Bush School researchers report on connections among water, energy and food policy issues
Understanding public opinion and policy preferences as they relate to the nexus of water, energy and food (WEF) is the focus of a new study by a team of researchers from the Institute for Science, Technology, and Public Policy (ISTPP) at the Bush School of Government and Public Service at Texas A&M University.
WEF issues form a highly connected nexus, and combatting pressing issues related to any one of the resources requires a better understanding of these nexus relationships by policymakers and the public, according the school’s news release.
“Water, energy and food are highly integrated systems – movement or changes in one segment changes the others,” said Arnold Vedlitz, director of ISTPP.
“Public policymakers are going to have to make decisions about the allocation of resources in a manner that recognizes and preserves this system,” Vedlitz said. “In order to help decision-makers in making these decisions and for the public to accept these decisions, the public needs to know and understand what’s going on.”
Kent Portney, a Bush School professor of public policy and an expert in environmental policy and sustainability, and Vedlitz, a professor of public policy and an expert in science and technology policy and natural resources management, led the project.
The research was presented at The Texas A&M University System Resource Nexus Water Forum held Nov. 17-18 in San Antonio. The research looked at public opinion regarding concerns about water, energy and food issues; policy preferences; and personal behavioral changes involving water and energy. A scientific survey conducted in August collected responses from a representative sample at the national level, state level in Texas and local level in Houston.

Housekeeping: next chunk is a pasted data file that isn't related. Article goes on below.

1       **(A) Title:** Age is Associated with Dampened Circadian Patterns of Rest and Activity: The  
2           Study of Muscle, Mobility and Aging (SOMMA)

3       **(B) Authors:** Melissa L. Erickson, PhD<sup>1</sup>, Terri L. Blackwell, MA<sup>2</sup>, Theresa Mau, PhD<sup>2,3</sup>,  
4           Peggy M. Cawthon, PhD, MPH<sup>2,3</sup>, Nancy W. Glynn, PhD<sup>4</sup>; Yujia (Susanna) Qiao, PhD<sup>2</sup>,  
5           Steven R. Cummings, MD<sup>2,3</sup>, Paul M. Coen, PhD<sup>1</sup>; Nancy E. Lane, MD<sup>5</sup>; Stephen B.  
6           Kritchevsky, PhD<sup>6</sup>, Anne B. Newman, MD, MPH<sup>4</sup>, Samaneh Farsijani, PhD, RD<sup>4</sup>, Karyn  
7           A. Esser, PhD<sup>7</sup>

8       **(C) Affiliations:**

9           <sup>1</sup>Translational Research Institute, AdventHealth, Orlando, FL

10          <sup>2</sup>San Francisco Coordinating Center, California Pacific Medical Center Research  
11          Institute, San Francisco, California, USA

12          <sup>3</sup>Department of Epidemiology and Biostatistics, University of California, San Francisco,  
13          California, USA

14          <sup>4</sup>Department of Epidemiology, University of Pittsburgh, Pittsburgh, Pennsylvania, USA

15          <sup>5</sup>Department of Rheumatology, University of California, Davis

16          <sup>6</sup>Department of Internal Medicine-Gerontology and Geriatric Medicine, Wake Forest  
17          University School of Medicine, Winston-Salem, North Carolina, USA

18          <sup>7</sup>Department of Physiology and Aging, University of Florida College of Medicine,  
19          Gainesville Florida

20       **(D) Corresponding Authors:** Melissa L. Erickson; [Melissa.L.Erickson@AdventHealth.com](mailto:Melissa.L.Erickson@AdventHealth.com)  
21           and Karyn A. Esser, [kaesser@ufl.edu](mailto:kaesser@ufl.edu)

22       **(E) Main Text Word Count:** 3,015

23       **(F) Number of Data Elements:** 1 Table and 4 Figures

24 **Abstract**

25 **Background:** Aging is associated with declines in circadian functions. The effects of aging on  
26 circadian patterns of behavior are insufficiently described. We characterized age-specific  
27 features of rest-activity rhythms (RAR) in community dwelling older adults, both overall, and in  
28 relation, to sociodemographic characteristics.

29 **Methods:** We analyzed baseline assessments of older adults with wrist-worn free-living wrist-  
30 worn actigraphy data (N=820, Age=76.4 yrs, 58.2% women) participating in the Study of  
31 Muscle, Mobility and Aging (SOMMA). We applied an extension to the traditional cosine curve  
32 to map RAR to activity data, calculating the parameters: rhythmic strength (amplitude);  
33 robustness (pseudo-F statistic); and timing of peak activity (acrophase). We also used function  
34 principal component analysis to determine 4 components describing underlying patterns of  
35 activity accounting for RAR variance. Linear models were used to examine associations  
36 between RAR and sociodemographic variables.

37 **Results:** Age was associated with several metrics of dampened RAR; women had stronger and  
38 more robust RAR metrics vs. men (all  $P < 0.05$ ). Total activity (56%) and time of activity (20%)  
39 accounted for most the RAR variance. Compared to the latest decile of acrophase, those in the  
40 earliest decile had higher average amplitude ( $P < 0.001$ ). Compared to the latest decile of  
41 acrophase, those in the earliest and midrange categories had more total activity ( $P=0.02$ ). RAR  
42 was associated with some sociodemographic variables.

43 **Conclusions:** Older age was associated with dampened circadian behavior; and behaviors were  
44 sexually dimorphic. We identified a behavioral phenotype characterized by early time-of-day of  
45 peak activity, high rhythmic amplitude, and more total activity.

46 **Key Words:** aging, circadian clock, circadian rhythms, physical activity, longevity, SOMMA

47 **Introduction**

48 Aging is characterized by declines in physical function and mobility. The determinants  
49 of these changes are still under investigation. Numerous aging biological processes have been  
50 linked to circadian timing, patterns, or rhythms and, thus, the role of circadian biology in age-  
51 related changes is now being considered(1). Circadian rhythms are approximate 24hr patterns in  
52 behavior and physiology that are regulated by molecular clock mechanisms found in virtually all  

The researchers found that the recognition of risks related to the WEF nexus and the desire to have the government and the private sector work together to find solutions was similar across many demographic and political groups in the United States and Texas – with one exception.
“While party and ideology do not seem to drive the concern for water or energy or support for certain policies, there is a strong partisan divide when climate change gets introduced,” Vedlitz said. “When considering how climate change gets discussed and the roadblocks to enacting policy the climate change issue creates, it will be important to frame the discussion about the WEF nexus so that the divide that surrounds climate change is not passed on to the nexus issue.”
The Texas A&M System Resource Nexus Water Forum was the first public outreach meeting of the Area 41 Institute, a recent initiative created by Texas A&M System Chancellor John Sharp intended to provide solutions to major issues faced by the state of Texas. The initiative provides research drawn from across various colleges and institutes within the Texas A&M System that can be used by decision-makers trying to tackle issues related to transportation, water, energy and health care.
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